The Abbotsford School District estimates it will need to spend another $14.1 million on land acquisitions for more school space in the next 10 years.
The district hasn’t even gotten shovels in the ground on the newly funded elementary school on Eagle Mountain, and they’re already looking at potential locations for new school sites.
The estimation comes as part of the district’s analysis to inform its municipal government-enforced fees on new developments that increase the housing stock in the city, which may increase for the first time in 12 years.
According to a report to the board of education, the city expects 8,850 new development units in the next 10 years. The district estimates an increase of 2,439 students over that time, with 2,361 (90 per cent) of those students anticipated to be coming from those developments.
That increase would necessitate one new school site and one expansion over that time, requiring 4.56 hectares of land at an estimated cost of $14.1 million.
The district anticipates needing a 600-capacity middle school site, requiring 3.4 hectares of space. As well, the district currently owns a site suitable for a 900-capacity high school, but new modelling anticipates need for a 1,400-capacity school, requiring an additional 1.16 hectares.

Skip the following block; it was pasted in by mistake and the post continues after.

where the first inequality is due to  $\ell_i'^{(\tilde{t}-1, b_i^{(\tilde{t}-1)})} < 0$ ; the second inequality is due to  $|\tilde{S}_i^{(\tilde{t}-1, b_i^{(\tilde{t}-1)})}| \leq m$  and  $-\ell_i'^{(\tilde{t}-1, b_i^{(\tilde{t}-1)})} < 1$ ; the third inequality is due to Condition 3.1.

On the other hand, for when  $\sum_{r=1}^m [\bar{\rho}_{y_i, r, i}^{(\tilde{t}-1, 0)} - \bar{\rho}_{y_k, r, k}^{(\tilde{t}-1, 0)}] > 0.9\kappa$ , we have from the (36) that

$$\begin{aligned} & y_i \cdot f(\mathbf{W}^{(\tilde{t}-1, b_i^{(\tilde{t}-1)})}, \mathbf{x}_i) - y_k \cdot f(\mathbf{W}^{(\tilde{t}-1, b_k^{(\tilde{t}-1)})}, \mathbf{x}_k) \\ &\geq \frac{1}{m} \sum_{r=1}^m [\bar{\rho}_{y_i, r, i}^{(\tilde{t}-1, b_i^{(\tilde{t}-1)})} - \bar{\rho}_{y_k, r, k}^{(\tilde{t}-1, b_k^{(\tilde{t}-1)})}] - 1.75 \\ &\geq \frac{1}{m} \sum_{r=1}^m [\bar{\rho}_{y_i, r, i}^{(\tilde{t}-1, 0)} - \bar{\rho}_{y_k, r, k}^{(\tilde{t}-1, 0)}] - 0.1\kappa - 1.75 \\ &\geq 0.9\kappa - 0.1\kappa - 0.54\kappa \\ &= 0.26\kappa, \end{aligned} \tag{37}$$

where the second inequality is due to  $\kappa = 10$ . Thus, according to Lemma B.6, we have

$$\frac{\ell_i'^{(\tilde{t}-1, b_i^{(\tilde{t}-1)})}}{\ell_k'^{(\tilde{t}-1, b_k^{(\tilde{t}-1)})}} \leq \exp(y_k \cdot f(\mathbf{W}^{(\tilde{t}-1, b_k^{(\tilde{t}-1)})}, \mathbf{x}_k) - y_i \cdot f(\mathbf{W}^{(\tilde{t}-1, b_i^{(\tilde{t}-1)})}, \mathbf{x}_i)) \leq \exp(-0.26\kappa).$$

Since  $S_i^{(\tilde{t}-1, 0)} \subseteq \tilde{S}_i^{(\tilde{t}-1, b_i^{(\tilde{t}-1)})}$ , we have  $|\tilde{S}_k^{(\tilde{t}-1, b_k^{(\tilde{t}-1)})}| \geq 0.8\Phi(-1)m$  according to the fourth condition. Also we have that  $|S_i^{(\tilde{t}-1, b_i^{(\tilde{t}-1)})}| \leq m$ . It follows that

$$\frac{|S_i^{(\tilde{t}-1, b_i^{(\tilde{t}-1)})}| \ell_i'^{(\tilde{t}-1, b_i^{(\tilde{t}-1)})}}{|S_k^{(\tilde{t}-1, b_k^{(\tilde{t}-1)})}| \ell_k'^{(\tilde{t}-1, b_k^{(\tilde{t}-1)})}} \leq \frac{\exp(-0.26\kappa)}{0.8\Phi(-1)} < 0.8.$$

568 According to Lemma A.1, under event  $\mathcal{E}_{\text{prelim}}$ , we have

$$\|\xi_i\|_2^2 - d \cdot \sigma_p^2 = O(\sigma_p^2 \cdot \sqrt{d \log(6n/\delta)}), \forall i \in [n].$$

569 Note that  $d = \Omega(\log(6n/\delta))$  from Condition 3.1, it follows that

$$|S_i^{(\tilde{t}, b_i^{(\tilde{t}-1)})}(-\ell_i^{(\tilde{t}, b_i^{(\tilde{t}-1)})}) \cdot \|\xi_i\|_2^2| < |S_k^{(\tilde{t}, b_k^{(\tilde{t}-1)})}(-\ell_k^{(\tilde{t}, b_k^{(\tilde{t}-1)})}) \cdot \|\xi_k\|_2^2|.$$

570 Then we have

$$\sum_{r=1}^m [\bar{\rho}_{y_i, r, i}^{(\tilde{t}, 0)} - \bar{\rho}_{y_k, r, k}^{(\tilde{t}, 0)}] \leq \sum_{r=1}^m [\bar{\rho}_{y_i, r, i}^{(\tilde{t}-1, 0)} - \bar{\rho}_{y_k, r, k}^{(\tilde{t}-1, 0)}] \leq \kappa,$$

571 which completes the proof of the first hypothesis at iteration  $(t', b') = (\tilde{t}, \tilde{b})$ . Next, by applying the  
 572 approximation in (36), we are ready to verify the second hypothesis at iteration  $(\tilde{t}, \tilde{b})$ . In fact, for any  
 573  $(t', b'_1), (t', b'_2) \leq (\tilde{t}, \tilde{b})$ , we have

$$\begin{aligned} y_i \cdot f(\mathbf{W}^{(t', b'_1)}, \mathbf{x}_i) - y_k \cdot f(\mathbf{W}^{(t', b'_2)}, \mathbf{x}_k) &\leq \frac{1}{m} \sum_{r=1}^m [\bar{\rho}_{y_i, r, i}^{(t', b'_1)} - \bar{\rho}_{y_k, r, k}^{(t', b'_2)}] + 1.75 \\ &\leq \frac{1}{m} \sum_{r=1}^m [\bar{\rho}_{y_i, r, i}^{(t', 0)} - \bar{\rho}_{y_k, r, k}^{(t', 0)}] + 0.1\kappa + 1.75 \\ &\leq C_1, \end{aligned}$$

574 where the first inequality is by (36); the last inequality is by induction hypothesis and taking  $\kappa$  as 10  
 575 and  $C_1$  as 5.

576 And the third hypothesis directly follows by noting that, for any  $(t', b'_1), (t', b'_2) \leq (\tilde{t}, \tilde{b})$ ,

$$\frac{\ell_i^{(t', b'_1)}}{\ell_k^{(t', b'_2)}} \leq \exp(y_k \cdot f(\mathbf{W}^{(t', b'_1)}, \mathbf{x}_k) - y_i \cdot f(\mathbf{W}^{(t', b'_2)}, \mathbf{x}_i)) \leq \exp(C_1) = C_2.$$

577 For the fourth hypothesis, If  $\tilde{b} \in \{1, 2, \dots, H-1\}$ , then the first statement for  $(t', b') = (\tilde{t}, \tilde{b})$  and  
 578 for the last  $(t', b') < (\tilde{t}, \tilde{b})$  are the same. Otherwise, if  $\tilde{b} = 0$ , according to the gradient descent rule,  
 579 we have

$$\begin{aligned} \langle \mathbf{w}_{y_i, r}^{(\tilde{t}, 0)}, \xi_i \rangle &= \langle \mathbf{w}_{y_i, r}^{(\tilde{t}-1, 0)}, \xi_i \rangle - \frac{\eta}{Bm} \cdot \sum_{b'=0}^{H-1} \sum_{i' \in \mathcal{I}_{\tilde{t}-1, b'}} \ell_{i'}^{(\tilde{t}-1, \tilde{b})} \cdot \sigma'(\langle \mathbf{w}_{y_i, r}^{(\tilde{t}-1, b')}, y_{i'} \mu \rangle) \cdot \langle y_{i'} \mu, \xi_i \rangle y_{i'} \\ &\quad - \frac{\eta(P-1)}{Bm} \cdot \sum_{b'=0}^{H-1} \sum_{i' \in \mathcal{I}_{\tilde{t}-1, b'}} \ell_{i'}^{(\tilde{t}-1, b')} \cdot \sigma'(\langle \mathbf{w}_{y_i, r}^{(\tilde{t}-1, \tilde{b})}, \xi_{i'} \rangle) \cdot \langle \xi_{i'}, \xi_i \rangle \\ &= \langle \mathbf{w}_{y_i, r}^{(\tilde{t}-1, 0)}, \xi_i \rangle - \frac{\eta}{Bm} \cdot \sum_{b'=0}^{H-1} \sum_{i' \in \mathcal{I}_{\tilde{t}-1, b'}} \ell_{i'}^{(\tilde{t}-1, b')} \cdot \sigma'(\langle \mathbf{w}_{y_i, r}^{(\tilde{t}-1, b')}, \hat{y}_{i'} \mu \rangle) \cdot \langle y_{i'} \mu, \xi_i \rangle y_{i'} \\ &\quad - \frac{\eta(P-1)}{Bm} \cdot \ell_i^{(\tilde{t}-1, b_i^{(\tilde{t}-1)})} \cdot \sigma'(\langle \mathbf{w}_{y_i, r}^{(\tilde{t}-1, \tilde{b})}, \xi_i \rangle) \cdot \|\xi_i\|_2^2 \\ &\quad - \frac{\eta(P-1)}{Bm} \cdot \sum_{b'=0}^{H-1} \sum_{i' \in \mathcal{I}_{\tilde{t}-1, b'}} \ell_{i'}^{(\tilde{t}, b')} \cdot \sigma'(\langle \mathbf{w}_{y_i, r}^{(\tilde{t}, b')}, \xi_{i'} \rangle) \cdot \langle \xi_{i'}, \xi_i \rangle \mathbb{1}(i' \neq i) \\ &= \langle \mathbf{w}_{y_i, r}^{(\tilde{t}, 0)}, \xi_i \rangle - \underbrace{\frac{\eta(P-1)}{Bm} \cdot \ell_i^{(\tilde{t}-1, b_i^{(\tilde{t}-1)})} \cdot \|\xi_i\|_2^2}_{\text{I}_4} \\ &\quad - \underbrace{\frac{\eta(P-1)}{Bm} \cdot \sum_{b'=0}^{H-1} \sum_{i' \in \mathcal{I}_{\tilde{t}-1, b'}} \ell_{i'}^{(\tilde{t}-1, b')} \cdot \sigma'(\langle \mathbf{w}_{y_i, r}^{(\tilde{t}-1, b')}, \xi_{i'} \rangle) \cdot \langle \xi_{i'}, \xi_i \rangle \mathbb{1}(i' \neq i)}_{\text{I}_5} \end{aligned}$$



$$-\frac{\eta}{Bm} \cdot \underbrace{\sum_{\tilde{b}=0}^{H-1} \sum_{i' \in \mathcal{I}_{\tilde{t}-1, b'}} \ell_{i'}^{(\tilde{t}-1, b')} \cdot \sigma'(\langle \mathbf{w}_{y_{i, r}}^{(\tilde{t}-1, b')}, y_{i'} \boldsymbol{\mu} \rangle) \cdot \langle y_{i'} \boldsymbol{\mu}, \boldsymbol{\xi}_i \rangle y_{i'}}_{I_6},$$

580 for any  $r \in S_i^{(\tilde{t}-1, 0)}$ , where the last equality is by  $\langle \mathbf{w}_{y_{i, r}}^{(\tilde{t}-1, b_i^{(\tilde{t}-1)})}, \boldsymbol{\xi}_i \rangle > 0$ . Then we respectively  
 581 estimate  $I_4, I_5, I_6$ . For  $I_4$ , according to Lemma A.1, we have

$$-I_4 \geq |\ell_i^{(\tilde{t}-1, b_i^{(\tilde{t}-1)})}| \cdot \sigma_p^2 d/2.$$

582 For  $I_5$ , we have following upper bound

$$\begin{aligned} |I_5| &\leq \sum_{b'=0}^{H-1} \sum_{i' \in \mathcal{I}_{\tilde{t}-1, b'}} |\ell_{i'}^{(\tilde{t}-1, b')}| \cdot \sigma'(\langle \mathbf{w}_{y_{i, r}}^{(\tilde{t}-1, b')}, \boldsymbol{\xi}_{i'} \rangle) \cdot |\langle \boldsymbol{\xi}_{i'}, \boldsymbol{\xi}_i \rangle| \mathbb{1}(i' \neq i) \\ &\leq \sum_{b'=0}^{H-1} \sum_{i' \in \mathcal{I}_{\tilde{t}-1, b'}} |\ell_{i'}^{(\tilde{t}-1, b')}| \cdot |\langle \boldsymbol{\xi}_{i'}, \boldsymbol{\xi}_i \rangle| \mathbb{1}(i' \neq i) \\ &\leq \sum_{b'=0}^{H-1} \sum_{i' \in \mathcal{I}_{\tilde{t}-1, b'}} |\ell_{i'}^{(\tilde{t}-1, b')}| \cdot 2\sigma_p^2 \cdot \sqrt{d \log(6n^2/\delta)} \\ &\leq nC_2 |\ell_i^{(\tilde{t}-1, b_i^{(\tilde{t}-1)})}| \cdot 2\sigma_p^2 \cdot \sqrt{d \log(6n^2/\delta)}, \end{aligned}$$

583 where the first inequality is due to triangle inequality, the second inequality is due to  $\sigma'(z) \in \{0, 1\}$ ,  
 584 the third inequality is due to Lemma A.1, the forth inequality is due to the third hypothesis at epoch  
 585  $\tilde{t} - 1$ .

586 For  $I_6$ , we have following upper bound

Both sites would be in the east end of the district, in an area known as the McKee Peaks.
The district initially looked at updating its eligible school site proposal (ESSP) in 2016, but deferred the process until the city’s official community plan was completed.
The ESSP, passed to the City of Abbotsford and the Fraser Valley Regional District for approval, forms the basis for a fee paid by developers on construction that increases housing stock. That charge has not been increased since 2007, the school board heard recently.
No fee proposal has been made public yet, but a bylaw is expected to come before the board at their June 18 meeting, and the development fee would be updated 60 days from the adoption of that bylaw.
On average, the current charge in Abbotsford is about $355 per unit – that ranges from $266 for units in high-density developments to $444 for low-density developments.
That’s compared with a maximum charge of $600 for high-density units and $1,000 for low-density units, so the district has some latitude to work with if they do intend to raise that fee.
The school district is only allowed to raise one-third of the cost of school site acquisitions through the development fees. However, and once that amount has been raised, it will cease collecting the charges.